Wounded in an August 2009 U.S. drone missile strike, Yuldashev later died of his wounds. His death was formally announced by the IMU in August 2010 when it released a eulogy video for him, Banner of Jihad. In the video, Yuldashev’s successor, Abu Usman Adil, was named. Adil maintained the IMU’s close relations with the TTP, meeting with senior TTP leaders, including Hakimullah Mehsud, and local Pashtun tribal supporters, such as tribal chief Noor al-Islam, on numerous occasions. Hakimullah and other TTP leaders and members are featured frequently in IMU videos including the 3-part series Glad Tidings from Pakistan. Qari Hussein Mehsud, the TTP’s feared ideological trainer of "martyrdom seekers" (fida‘iyin), was first shown in extensive video footage in the second installment of this series. In early August, an IMU statement reported that Adil was killed in a U.S. drone strike. He was succeeded by Usman Ghazi, another senior IMU leader.
The IMU’s talented military commander, Abbas Mansur, was killed last year alongside Abdul Aziz Ukasha, a key IMU media operative and insurgent "journalist," in a U.S. drone strike. Their killings were announced in a December 2011 statement from the group along with the deaths of 85 other IMU fighters that year. And during 2010, the IMU reported that 52 of its members were killed. High battlefield losses have taken a toll on the IMU’s membership, which is believed to have once numbered several thousand. Some estimates put the group’s remaining fighting force at only a few hundred.
Mansur, who joined Namangani to fight in Tajikistan’s civil war in the 1990s when he was either 16 or 19 years old (IMU sources have given both ages), rose through the IMU’s ranks to become its chief military commander, a position to which he was appointed by Yuldashev shortly before the latter was mortally wounded. Mansur exhibited great courage on the battlefield and was chosen to undergo special training for bodyguards, eventually becoming a bodyguard to Namangani in Afghanistan. After Namangani was killed, Mansur became a bodyguard and then a close aid to Yuldashev. Known for his battlefield prowess, Mansur participated in hundreds of military operations according to IMU media, in which he was frequently shown leading military operations against Pakistani army and Frontier Corps bases and convoys.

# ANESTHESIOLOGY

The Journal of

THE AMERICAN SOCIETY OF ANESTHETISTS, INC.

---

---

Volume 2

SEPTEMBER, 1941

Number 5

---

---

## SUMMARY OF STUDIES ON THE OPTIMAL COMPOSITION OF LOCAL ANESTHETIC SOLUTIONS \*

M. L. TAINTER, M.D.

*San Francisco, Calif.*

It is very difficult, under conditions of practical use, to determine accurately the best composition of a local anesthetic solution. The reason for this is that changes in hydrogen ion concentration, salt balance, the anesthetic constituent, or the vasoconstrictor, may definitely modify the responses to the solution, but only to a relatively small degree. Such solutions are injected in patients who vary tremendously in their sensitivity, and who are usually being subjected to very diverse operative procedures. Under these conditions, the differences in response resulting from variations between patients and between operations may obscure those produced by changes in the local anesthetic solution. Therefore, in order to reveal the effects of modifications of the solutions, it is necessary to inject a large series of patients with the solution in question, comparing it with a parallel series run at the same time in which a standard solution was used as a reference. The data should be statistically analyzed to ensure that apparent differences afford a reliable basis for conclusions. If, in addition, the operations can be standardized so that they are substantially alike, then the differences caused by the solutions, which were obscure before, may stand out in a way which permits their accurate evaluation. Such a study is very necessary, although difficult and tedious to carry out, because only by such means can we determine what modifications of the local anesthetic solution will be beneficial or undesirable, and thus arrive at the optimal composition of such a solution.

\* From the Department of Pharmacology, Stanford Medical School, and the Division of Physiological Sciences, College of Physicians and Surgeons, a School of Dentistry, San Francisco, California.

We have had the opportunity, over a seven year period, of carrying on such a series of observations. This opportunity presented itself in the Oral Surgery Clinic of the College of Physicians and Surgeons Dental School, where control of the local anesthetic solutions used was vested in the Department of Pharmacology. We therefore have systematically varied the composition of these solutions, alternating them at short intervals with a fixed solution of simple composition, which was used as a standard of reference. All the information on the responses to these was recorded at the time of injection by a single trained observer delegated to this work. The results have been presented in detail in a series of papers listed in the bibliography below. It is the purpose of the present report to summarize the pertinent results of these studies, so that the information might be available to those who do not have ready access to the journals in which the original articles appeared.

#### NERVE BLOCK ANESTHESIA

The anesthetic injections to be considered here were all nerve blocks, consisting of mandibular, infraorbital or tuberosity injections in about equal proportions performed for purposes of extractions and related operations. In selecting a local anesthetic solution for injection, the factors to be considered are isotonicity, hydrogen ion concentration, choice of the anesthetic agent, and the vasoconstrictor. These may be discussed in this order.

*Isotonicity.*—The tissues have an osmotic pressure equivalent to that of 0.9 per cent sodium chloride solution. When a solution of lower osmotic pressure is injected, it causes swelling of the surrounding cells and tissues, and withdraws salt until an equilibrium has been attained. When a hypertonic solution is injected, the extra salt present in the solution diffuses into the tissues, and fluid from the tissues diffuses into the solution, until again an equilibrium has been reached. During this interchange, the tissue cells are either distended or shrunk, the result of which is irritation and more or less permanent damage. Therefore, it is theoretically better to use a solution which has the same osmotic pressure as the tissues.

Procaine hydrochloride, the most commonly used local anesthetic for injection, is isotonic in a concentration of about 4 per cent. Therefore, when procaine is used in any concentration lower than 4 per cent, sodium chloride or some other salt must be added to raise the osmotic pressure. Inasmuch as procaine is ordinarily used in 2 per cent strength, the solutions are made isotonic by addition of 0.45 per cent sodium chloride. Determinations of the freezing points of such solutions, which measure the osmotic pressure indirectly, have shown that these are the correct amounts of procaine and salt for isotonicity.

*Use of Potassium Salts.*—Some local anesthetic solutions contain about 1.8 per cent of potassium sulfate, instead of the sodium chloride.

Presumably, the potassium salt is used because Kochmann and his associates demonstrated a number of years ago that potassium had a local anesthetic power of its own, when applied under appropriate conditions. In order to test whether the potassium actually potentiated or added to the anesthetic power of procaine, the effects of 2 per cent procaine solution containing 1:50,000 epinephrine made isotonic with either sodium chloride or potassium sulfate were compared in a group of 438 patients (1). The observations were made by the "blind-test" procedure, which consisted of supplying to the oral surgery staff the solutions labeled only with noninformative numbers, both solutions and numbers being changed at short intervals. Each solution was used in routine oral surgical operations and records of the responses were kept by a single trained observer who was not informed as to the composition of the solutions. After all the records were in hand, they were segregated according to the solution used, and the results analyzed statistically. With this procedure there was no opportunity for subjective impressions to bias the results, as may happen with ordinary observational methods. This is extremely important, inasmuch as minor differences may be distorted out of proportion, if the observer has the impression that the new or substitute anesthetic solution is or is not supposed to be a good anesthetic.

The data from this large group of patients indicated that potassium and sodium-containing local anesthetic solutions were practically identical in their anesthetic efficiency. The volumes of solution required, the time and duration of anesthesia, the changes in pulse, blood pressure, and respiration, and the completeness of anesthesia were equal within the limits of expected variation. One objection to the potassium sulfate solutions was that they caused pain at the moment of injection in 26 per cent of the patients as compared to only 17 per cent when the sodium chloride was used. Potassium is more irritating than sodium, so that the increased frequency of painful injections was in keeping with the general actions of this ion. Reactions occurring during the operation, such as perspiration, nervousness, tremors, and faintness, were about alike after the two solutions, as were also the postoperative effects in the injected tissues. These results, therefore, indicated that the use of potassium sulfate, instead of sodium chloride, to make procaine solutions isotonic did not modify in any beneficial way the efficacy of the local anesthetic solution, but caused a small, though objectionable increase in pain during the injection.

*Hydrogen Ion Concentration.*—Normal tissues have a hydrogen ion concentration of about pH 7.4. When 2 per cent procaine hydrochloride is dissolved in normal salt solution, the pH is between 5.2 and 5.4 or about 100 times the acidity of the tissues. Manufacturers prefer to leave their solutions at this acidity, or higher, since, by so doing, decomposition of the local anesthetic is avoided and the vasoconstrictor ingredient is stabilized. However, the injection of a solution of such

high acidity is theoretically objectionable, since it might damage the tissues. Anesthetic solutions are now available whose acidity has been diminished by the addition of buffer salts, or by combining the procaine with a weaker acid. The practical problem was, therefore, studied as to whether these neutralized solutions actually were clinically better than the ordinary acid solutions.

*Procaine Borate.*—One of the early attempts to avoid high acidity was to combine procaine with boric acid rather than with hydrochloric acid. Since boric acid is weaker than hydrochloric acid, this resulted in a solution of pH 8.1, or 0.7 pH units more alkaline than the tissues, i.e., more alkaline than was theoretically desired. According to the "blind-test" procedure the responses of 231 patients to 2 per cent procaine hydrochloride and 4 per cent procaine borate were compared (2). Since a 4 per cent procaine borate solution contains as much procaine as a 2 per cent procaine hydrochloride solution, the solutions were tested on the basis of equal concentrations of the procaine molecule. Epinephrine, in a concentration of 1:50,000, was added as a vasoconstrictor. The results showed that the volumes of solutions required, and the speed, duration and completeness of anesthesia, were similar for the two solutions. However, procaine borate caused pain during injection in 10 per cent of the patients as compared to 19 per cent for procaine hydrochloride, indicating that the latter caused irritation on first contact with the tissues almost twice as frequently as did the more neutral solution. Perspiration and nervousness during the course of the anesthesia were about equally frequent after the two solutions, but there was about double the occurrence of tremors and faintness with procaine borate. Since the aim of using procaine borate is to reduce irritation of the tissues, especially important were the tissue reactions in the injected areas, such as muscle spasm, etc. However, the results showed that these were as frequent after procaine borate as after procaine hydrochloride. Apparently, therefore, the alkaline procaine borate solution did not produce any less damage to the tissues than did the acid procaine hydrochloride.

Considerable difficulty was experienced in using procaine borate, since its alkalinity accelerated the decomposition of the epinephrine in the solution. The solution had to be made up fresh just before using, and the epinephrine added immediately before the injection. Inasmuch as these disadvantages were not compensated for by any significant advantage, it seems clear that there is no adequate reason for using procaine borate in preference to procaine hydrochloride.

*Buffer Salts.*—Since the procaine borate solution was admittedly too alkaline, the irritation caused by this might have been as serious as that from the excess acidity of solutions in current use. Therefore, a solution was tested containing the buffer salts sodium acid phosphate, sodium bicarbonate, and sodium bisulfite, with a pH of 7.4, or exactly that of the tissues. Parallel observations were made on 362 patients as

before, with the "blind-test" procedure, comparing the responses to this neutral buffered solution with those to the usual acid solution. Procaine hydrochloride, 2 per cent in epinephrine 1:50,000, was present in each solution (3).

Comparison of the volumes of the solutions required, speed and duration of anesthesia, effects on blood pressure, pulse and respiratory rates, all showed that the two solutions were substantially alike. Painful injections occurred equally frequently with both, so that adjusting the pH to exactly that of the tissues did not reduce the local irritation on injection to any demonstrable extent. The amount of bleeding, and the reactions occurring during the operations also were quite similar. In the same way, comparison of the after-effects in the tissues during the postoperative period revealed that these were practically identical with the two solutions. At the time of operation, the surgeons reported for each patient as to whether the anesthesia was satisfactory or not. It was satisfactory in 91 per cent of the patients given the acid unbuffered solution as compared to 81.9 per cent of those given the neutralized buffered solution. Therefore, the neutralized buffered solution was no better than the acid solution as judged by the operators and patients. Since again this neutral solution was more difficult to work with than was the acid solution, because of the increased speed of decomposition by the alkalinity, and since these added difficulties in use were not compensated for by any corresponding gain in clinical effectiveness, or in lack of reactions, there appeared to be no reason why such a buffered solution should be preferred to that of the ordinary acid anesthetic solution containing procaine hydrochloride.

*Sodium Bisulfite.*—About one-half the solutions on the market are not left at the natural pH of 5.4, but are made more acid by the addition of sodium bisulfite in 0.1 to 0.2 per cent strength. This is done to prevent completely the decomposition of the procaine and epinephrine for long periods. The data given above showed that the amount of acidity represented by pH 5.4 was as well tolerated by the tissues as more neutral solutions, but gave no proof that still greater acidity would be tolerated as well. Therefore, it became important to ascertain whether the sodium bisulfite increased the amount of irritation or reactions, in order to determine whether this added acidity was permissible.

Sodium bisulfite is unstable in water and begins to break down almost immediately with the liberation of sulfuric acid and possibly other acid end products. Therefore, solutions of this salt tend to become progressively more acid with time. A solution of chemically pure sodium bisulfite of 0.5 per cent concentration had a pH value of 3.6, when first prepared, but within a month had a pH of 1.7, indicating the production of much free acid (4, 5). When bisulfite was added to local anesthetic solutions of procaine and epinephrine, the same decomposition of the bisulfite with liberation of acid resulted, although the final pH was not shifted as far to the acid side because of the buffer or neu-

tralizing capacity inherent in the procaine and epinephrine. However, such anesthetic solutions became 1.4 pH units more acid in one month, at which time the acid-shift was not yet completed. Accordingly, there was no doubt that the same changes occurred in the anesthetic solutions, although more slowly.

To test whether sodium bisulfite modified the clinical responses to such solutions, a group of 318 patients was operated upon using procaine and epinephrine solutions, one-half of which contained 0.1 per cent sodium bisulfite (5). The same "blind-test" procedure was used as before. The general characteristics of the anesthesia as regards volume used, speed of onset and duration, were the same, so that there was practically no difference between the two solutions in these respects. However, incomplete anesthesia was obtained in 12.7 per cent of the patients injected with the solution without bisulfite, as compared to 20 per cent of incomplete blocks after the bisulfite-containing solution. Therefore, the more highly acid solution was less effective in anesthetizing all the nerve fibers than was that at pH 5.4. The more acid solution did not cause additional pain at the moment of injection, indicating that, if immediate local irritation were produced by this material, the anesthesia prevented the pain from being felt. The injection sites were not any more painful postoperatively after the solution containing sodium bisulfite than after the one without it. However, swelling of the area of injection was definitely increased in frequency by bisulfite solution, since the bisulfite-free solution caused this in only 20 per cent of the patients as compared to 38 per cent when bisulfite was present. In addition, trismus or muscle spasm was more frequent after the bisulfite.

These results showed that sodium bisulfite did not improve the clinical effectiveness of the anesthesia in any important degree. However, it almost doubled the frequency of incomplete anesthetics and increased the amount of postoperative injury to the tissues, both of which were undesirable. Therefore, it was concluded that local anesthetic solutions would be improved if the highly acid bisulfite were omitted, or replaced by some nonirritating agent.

Ukasha, a young Uzbek from Tashkent, was a member of the IMU for six years and fought in both Afghanistan and Pakistan. He was an active member of Jundullah Studio and hosted and narrated the video series What’s Happening in the Tribal Areas, which is currently in its tenth installment. In the series, he took viewers around Pakistan’s tribal regions, from the gun markets of Pashtun towns to the inside of teaching circles by Yuldashev and the ‘Abdullah ibn al-Zubayr "jihad school" for the children of IMU members. In addition, Ukasha also worked as a video editor. He was replaced by another young IMU media operative, Isamudeen, who eulogized both Mansur and Ukasha in the ninth installment of What’s Happening in the Tribal Areas and said that he was tasked with continuing the series and the media role of Ukasha by Adil.